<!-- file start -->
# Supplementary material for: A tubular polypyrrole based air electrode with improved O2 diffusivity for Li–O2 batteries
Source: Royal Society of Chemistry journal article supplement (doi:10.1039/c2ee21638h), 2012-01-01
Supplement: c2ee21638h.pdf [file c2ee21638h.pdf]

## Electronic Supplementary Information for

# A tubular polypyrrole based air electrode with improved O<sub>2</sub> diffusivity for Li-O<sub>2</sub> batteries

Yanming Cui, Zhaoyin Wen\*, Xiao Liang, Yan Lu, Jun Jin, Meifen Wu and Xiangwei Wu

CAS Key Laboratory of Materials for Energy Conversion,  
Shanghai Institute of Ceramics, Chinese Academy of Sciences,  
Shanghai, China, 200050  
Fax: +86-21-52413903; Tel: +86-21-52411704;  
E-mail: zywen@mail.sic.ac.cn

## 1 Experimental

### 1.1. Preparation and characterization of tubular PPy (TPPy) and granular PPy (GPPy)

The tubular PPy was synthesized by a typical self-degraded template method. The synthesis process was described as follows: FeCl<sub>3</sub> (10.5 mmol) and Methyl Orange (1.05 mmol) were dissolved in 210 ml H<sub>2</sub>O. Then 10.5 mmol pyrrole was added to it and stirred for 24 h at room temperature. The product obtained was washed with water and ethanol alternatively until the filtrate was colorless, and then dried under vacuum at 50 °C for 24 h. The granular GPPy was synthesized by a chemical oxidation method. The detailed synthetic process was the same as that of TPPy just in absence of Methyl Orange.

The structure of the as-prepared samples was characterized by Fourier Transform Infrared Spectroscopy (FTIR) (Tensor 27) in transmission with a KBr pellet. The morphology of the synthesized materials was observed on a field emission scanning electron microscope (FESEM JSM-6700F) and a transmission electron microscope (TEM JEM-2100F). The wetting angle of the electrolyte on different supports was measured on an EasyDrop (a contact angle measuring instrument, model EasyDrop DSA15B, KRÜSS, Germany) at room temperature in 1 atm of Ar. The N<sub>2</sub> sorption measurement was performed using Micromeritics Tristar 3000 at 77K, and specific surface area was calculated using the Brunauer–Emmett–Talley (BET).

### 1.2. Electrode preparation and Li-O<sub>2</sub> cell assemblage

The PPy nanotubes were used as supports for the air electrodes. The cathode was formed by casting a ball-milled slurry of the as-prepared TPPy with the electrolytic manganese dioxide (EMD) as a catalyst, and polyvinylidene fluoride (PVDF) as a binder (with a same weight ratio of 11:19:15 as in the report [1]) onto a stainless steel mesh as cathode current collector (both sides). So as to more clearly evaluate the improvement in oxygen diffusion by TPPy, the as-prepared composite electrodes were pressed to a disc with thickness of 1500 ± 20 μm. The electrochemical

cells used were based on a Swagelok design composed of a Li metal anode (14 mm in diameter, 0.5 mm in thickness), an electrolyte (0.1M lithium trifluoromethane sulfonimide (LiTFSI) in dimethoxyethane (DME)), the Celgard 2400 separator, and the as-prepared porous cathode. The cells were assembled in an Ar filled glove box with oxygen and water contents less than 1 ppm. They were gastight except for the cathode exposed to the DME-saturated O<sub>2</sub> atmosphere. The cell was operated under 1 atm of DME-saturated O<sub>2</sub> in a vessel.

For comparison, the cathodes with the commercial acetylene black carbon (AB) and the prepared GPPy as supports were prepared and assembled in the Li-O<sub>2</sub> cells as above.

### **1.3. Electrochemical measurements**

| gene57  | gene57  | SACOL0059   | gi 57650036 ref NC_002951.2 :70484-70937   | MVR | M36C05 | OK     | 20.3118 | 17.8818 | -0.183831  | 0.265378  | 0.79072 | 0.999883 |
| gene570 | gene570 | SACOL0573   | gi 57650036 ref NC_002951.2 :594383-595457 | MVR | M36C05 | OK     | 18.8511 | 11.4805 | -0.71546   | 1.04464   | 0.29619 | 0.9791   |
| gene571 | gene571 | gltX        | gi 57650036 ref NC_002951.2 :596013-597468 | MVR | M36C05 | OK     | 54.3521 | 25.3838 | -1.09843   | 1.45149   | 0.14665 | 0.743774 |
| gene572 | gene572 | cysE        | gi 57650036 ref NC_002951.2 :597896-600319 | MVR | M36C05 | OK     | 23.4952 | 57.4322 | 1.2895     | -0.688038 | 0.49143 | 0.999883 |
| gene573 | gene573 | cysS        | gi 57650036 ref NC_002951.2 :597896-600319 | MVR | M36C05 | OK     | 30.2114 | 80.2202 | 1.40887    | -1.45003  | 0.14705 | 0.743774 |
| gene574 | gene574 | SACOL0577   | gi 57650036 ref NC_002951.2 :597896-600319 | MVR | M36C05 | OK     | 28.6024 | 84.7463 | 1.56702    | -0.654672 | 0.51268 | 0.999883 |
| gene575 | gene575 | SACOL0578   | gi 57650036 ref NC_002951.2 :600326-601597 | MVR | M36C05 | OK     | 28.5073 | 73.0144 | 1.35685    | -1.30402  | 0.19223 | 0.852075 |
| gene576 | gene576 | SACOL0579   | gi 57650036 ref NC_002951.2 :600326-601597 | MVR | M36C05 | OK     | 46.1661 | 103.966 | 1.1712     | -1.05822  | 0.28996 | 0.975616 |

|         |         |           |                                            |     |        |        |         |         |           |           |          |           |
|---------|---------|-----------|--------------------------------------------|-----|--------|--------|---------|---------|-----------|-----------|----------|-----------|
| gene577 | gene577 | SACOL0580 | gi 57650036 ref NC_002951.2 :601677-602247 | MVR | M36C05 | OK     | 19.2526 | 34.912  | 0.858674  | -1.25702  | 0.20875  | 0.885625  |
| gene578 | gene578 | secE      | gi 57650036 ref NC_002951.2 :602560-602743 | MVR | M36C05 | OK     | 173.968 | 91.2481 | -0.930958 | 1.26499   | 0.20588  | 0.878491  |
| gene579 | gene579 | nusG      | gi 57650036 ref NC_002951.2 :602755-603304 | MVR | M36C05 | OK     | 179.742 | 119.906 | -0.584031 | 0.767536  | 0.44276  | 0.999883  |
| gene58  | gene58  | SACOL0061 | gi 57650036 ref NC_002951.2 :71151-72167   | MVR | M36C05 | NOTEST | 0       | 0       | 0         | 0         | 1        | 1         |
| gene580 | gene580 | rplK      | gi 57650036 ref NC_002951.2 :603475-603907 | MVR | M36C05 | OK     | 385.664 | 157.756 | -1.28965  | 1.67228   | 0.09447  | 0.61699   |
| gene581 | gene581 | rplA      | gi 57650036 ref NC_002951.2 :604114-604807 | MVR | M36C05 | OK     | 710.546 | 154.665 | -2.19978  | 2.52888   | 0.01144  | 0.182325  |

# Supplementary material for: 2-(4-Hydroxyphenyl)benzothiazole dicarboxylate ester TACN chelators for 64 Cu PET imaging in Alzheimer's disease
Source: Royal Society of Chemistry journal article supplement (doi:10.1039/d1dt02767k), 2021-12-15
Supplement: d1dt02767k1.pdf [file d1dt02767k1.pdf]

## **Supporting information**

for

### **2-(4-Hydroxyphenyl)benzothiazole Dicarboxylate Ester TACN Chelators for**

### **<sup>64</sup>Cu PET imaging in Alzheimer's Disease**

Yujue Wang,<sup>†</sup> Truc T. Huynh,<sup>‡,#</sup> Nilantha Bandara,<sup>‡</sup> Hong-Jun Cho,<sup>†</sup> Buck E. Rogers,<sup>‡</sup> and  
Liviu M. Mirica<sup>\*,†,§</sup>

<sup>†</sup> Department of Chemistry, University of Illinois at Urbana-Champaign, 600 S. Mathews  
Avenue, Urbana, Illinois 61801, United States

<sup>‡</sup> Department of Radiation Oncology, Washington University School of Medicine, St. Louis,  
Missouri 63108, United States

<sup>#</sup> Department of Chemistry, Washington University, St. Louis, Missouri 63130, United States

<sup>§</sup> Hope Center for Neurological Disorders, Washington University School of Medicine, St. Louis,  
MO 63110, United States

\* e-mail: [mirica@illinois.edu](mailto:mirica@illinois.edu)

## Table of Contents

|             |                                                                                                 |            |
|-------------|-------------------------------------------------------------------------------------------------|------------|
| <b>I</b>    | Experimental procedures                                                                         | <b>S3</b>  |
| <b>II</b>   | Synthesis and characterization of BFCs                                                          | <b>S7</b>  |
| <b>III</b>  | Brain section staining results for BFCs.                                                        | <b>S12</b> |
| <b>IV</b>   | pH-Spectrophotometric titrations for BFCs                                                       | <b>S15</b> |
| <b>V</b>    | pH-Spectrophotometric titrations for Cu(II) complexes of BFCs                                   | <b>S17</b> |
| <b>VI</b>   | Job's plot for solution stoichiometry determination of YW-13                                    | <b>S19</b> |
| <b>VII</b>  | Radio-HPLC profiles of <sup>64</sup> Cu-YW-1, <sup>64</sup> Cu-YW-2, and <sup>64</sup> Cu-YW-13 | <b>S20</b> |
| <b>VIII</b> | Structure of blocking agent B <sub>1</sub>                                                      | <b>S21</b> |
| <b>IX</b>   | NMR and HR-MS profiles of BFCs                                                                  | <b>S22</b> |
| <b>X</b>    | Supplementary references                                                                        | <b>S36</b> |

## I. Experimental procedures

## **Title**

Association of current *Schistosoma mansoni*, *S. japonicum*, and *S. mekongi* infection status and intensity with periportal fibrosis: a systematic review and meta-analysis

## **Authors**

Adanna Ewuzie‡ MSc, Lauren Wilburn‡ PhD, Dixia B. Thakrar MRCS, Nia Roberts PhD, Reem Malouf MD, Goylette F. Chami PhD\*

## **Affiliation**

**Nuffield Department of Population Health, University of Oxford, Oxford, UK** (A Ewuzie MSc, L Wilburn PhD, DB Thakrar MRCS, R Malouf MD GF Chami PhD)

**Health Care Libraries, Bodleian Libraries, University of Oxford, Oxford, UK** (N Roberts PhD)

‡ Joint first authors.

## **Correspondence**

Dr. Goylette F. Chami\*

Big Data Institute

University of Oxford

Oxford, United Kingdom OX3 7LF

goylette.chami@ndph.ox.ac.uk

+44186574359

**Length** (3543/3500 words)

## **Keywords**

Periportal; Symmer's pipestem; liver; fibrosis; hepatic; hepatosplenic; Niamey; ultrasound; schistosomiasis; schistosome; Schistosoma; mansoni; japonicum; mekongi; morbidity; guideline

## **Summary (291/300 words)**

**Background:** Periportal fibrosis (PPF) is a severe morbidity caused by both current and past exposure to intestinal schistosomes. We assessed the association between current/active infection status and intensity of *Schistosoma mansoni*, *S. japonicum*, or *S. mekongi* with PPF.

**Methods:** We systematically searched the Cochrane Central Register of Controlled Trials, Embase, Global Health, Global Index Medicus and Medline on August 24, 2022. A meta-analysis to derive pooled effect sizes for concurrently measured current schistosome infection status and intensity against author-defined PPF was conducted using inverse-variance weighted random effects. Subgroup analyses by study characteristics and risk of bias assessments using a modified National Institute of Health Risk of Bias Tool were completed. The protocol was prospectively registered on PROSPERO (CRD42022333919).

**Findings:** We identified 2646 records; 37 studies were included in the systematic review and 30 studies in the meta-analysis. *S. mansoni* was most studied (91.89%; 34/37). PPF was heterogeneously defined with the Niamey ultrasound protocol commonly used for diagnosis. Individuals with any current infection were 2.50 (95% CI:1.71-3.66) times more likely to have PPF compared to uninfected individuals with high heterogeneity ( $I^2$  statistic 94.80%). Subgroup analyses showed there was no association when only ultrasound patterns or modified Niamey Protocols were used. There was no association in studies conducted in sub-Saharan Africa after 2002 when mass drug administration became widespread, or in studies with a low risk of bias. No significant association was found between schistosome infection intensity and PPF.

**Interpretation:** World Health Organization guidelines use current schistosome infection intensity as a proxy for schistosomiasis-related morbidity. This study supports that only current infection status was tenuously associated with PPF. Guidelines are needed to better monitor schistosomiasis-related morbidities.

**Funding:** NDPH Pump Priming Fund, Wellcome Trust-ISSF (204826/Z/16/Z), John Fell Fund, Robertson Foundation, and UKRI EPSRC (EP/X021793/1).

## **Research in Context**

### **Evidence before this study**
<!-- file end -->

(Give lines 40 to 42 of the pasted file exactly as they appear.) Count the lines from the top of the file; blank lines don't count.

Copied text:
## **Supporting information**

for

### **2-(4-Hydroxyphenyl)benzothiazole Dicarboxylate Ester TACN Chelators for**